Across the various tragedies, these varied elements repeat again and again, reinforcing the patterns of violence, the accumulation of grief memorabilia, and the insufficiency of collective response. Even the language used in the writings repeats from one tragedy to another. The last page of the photobook gathers together screenshots of four American Presidents in similar moments of grief during their televised remarks, powerfully asking us how we move beyond the act of collective grieving to actions that make a difference.
As we move through the book, the landscapes, the memorabilia, and the personal stories deliberately blend one into another, immersing us in an endless cycle of repeated gun violence. While the construction of the book is intriguing, in practice, the act of engaging (constantly opening and closing) with the second layer of photographs can be frustrating, and more distracting than rewarding; the book cover seems too fragile for such active interaction. The subject of gun violence is a tough one to present through photography, and for that alone, American Origami stands as a remarkable attempt to unravel and comprehend the epidemic of mass shootings in American schools. It reminds us that while condolences have their place, to truly address the problem, there is much more that must be done.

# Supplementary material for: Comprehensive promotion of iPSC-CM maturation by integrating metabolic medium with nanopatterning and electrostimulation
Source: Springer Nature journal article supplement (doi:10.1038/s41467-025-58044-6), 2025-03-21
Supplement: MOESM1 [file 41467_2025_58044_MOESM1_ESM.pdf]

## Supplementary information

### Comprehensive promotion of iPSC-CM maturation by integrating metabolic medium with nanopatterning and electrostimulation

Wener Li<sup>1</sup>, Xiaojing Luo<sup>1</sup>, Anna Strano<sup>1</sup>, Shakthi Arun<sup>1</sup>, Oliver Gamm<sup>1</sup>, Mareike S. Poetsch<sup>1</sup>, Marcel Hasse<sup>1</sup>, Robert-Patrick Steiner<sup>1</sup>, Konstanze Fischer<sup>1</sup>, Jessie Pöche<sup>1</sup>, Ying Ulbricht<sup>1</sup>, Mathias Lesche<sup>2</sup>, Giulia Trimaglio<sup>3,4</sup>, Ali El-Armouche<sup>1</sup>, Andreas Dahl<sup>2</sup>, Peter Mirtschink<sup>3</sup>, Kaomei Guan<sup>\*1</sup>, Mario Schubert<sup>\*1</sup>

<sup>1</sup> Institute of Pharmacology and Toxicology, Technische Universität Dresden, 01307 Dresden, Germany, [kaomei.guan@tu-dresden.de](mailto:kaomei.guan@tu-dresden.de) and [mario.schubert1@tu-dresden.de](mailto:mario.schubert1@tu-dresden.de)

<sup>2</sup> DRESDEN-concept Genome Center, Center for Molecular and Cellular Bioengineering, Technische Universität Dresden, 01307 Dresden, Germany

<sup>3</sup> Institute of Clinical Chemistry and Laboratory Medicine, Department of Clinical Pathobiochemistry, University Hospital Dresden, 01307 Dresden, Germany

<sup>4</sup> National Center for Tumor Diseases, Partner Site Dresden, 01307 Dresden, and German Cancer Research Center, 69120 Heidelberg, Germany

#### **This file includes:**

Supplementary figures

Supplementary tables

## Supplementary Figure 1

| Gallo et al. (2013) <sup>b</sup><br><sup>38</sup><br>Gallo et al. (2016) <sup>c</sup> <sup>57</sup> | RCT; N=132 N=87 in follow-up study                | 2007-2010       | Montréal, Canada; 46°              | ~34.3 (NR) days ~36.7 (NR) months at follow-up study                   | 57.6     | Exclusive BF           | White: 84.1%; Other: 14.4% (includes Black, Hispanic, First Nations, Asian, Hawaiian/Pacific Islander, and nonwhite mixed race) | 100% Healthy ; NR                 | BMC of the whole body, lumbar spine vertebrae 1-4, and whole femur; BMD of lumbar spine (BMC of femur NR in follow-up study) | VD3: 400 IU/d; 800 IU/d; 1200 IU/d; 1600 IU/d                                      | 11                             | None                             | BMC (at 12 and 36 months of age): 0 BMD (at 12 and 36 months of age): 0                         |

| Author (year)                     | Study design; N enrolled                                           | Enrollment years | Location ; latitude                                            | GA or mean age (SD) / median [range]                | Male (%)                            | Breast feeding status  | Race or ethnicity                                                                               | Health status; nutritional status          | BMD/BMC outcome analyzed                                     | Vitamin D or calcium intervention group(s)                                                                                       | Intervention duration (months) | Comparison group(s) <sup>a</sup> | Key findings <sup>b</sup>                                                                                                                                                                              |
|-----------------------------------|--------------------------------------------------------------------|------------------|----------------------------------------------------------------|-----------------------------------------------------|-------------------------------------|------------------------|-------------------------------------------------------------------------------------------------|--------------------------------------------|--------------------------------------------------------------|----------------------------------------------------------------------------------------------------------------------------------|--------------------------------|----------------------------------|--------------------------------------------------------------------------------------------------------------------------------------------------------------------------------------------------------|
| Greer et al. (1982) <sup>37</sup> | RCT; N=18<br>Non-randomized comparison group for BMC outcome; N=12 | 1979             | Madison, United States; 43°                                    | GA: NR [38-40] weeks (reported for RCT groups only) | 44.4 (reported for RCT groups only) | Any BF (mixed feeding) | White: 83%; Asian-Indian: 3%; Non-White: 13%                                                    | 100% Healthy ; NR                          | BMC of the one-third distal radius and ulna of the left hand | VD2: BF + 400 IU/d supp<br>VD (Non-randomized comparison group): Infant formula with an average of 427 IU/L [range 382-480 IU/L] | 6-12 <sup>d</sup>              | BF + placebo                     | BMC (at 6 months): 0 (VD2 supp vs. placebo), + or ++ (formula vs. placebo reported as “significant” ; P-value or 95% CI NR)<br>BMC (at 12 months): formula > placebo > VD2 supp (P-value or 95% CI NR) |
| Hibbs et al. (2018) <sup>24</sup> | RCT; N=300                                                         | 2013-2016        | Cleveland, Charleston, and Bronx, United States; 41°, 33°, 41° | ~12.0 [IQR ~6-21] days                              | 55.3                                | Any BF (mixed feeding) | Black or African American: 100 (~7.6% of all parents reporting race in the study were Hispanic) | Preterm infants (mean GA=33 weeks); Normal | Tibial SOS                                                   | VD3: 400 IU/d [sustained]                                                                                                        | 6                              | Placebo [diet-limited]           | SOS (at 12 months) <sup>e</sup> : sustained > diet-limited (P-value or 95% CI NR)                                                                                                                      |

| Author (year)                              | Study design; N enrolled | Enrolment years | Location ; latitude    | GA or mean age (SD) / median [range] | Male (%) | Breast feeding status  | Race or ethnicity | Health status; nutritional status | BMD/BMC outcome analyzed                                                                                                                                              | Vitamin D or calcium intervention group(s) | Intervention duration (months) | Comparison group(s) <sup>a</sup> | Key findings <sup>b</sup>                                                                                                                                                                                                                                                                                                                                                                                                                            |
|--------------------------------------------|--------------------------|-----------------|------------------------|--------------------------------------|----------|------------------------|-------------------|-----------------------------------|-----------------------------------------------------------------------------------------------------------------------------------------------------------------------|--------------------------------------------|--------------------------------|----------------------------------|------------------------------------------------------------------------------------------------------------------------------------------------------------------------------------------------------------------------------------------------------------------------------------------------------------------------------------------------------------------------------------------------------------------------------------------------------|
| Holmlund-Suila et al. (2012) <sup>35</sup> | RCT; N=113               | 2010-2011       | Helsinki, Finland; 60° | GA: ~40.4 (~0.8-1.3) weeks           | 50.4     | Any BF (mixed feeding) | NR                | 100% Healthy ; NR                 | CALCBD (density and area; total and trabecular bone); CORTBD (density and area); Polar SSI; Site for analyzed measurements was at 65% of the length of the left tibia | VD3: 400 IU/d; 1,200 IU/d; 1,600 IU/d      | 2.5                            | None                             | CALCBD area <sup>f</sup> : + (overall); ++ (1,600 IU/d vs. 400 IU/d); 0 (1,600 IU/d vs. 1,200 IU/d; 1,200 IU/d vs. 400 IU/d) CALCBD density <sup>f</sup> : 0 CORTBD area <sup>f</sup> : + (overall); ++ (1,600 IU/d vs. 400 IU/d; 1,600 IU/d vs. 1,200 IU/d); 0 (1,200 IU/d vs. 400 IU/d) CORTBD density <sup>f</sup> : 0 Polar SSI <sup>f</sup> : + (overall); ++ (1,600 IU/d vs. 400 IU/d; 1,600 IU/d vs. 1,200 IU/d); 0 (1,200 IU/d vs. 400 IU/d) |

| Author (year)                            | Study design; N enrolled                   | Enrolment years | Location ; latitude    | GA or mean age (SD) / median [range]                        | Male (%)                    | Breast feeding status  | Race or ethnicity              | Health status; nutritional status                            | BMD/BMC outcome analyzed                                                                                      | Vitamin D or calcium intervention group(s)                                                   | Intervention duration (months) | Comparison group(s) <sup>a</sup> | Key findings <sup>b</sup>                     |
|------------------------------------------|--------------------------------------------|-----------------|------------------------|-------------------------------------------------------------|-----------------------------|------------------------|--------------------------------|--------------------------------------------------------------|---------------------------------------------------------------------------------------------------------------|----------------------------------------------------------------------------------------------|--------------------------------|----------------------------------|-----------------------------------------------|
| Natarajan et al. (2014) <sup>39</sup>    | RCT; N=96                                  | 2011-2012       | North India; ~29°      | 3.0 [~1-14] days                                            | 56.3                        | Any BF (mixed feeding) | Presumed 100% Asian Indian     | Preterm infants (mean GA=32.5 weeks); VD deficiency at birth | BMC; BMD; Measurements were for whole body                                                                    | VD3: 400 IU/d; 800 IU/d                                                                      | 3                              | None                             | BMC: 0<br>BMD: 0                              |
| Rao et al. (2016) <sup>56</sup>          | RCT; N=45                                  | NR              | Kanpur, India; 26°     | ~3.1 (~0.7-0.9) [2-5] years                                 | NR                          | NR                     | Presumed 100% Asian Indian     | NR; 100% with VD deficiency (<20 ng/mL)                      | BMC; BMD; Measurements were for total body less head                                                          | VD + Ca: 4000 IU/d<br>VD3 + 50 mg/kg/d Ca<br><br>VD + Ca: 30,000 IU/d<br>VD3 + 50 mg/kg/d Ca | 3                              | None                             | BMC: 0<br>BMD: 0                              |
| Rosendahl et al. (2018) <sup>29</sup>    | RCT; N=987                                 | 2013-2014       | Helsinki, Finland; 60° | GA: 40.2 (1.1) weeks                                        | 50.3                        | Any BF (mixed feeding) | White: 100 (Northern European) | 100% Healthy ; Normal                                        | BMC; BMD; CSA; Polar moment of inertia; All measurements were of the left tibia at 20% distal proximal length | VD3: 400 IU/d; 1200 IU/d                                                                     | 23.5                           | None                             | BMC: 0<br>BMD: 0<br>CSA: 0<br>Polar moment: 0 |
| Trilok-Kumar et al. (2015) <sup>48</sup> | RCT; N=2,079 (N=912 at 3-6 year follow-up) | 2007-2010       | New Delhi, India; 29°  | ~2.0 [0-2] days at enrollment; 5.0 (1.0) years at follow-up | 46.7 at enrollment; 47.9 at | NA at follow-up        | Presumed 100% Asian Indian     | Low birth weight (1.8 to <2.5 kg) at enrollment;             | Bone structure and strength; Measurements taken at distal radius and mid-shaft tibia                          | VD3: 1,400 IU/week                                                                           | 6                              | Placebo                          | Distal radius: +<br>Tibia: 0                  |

Collector’s POV: Andres Gonzalez does not appear to have gallery representation at this time. As a result, collectors interested in following up should likely connect directly with the artist via his website (linked in the sidebar).